Those who remember the summer of 2000 will no doubt recall the media blitz surrounding the original C5 Z06. Chevy made sure every car rag with even a shred of credibility got to wring out its new uber-car on (and occasionally off) the nation's racetracks and roads. The new-for-'01 Z proved an instant hit with the motoring press, and for good reason. The car offered more power, less weight, better handling, and gummier tires than the already very capable standard Corvette.
To this day, the C5 Z06 remains a favorite among autocross fanatics and dedicated track rats. But as good as the C5 Z is, there is still room for improvement, particularly if you are looking to tailor your car to a specific usage. Dave March was in this category. He wanted to improve his '03 Z06's handling without turning the car into a bone-jarring torture device. "My Corvette is not a dedicated race car; it's my daily driver," said March. "It goes for groceries, it goes to the post office, it goes to meetings, and it goes to the mall. That said, this is not a Cadillac or a Camry. This is a Corvette, and a Z06 at that. I bought this car to drive."
March also wanted his Z to have a very low ride height. But being a tech-savvy Corvette owner (March is one of the administrators of the popular Vette-themed Web site, www.DigitalCorvettes.com), he knew that simply dropping the car without performing supporting modifications could actually impair handling instead of improving it. "I've always lowered my Corvettes," he explained. "I mean, c'mon, they just look better. And there's a good reason every track car in the world sits as close to the pavement as possible. It lowers the center of gravity and enhances aerodynamics. And did I mention it looks cool?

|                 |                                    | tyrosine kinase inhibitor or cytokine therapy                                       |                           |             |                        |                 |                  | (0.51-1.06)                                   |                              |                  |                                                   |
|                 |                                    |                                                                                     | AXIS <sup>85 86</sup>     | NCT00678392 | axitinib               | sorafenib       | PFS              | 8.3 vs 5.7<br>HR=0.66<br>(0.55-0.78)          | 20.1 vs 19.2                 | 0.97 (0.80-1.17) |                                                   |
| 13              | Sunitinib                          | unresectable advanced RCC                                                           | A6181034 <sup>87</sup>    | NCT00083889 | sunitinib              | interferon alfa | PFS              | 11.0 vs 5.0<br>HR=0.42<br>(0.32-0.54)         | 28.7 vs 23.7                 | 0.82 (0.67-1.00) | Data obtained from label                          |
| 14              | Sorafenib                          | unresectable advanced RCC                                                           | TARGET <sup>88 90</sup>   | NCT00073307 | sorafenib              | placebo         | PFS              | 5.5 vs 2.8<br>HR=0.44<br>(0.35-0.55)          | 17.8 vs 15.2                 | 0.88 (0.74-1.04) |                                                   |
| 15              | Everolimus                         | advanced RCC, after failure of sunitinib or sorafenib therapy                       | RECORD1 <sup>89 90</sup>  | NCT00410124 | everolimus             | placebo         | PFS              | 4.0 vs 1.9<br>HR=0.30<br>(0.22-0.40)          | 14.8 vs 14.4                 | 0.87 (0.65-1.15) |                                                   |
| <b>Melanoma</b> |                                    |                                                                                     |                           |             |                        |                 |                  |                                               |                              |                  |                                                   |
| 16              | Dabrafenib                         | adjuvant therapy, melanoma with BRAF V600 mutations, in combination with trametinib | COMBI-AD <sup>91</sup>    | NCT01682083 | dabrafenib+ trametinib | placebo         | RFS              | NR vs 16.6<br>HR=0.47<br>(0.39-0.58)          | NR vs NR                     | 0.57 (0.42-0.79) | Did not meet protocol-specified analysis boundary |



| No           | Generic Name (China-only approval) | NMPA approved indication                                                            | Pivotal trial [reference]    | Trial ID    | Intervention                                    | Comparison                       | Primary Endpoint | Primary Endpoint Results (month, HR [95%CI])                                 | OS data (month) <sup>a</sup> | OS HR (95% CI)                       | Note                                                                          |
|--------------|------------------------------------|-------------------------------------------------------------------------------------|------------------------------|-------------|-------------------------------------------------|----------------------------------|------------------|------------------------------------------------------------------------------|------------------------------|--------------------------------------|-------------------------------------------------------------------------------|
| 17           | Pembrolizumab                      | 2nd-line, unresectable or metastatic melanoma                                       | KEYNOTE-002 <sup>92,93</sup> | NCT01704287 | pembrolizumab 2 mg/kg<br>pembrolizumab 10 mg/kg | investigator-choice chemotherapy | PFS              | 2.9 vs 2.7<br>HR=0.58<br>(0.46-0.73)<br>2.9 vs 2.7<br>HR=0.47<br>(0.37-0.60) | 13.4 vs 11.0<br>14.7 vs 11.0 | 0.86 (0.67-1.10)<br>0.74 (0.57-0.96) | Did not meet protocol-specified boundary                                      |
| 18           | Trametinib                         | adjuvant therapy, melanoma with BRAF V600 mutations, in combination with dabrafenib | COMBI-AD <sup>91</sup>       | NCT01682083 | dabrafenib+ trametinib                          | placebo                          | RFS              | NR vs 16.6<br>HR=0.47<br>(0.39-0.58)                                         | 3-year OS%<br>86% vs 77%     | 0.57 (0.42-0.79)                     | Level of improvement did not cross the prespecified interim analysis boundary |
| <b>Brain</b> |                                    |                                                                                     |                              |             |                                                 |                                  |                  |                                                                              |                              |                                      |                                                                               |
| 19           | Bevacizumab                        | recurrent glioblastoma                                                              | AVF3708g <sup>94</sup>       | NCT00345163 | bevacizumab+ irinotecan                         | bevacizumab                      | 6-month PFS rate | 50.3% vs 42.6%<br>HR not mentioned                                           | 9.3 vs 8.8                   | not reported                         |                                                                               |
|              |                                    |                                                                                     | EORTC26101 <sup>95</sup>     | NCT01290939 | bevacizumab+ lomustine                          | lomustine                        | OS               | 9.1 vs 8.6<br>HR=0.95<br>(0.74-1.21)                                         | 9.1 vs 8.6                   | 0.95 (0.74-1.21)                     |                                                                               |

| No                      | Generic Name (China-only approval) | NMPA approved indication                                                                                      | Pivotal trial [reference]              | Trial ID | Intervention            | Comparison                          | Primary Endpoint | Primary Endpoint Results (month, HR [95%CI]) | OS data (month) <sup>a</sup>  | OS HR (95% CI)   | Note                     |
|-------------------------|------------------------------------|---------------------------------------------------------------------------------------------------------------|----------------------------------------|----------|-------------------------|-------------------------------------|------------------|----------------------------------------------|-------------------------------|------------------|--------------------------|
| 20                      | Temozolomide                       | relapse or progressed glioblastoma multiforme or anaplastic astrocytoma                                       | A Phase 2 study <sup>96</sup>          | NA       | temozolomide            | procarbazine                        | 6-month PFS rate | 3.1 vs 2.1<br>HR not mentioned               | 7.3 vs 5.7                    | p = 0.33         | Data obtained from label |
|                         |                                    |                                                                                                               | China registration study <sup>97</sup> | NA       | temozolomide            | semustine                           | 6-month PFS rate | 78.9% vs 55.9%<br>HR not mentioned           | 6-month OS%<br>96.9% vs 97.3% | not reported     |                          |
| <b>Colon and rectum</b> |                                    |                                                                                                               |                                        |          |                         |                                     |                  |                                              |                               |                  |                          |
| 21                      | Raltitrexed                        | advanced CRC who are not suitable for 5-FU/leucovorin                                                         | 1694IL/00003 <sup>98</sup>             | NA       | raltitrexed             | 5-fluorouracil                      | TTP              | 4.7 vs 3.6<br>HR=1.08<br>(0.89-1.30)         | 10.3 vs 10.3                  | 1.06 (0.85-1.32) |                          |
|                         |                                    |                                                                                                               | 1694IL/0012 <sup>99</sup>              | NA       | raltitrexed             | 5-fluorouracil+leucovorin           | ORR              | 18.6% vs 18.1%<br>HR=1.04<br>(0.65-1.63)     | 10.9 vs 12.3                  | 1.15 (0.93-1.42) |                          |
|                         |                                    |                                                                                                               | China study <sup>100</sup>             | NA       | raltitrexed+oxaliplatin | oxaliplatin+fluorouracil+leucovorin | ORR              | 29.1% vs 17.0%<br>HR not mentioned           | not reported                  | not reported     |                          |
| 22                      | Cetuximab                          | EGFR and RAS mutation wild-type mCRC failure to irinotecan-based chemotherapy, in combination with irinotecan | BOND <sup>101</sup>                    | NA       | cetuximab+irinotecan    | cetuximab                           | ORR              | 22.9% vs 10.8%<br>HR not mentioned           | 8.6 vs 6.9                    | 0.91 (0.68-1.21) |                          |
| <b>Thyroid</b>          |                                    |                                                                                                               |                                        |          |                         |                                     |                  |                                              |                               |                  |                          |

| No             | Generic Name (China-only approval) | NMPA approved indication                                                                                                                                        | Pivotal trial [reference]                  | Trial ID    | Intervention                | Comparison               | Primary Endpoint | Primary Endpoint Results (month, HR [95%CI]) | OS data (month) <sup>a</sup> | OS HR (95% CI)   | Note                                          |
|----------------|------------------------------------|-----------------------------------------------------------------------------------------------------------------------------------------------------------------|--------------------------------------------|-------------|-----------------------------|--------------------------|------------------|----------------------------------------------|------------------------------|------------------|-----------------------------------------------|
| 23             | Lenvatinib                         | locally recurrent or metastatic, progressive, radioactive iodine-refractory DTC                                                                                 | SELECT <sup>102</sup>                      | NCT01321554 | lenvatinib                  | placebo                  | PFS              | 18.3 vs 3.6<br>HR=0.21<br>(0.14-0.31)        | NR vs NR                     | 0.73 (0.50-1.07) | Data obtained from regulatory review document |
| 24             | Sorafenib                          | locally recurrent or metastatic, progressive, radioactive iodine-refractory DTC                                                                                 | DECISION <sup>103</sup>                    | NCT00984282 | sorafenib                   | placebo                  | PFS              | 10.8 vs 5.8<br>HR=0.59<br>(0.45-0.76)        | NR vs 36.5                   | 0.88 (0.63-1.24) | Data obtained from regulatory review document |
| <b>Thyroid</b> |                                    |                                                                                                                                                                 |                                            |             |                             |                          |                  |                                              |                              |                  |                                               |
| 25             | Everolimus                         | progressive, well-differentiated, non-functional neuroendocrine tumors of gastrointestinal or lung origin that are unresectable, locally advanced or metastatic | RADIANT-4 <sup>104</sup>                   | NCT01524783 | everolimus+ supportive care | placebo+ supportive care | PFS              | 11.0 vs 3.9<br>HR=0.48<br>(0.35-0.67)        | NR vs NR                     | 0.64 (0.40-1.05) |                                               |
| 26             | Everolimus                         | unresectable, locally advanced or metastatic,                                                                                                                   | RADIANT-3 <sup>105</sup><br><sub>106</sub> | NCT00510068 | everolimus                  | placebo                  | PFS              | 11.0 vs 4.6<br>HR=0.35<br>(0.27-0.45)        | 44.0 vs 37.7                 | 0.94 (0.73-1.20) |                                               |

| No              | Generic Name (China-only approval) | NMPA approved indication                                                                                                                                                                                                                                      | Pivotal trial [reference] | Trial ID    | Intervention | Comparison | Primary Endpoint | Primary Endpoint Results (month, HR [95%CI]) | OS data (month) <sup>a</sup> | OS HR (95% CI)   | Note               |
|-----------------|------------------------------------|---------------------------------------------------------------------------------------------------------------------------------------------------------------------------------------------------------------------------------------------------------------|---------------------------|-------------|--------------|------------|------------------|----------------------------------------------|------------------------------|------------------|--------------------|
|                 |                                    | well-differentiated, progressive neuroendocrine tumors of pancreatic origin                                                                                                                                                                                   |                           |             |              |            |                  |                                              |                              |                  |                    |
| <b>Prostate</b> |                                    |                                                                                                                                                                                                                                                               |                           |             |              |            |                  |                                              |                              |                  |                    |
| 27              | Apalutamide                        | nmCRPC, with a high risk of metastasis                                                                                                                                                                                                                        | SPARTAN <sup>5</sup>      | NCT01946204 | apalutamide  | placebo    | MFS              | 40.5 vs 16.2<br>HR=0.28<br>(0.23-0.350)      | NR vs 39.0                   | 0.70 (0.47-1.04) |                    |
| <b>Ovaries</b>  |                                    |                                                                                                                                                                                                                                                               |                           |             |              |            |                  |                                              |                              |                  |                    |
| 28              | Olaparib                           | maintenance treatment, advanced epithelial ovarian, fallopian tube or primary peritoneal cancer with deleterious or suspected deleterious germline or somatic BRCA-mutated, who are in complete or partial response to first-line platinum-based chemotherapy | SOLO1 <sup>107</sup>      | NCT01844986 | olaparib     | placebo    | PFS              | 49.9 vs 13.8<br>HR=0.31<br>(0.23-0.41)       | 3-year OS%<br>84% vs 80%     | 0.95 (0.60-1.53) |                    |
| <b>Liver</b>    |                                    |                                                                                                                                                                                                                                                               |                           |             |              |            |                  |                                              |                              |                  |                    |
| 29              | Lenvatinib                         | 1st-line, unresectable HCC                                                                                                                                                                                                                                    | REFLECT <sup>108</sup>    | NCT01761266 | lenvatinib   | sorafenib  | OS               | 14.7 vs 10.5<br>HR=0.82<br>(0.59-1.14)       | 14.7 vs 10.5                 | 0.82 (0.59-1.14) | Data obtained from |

"Problem is," continued March, "though the GM engineers gave us some built-in ride-height adjustability, it's very limited and, at its most extreme, a trade-off at best." Anyone who has dropped a C5 more than half an inch on the stock suspension knows this is true. No doubt, the car looks absolutely killer, but the ride quality suffers, and when pushed, the suspension just doesn't work as well as it did at stock height. "After your initial excitement wears off, you'll soon feel the adverse effects. Shocks compress and the ride becomes noticeably rougher over less-than-perfect roads." March summarized it nicely, saying, "Hit a pothole or unexpected dip in the road, and that reduced spring tension makes the car feel like a Barnum and Bailey clown car. It gets really bouncy.
"Add to that the technical ramifications of the resultant suspension-geometry change, [and] it quickly becomes apparent that there is a price that comes with that meaner stance. If you want a drop of more than a half-inch or so, and you want improved handling, you're gonna need to do more than twist an adjustment bolt," he concluded.
Being a hardcore Corvette enthusiast, March is as addicted to making performance modifications as the rest of us. "As most Corvette owners know, the endless customization and personalization possibilities are much of the fun of ownership," he said. "Whether for comfort, performance or visual impact, there are thousands of catalog pages filled with every choice imaginable. But it's rare for a product to hit all three points." He's right, of course, and when it comes to suspension, March's words are particularly poignant.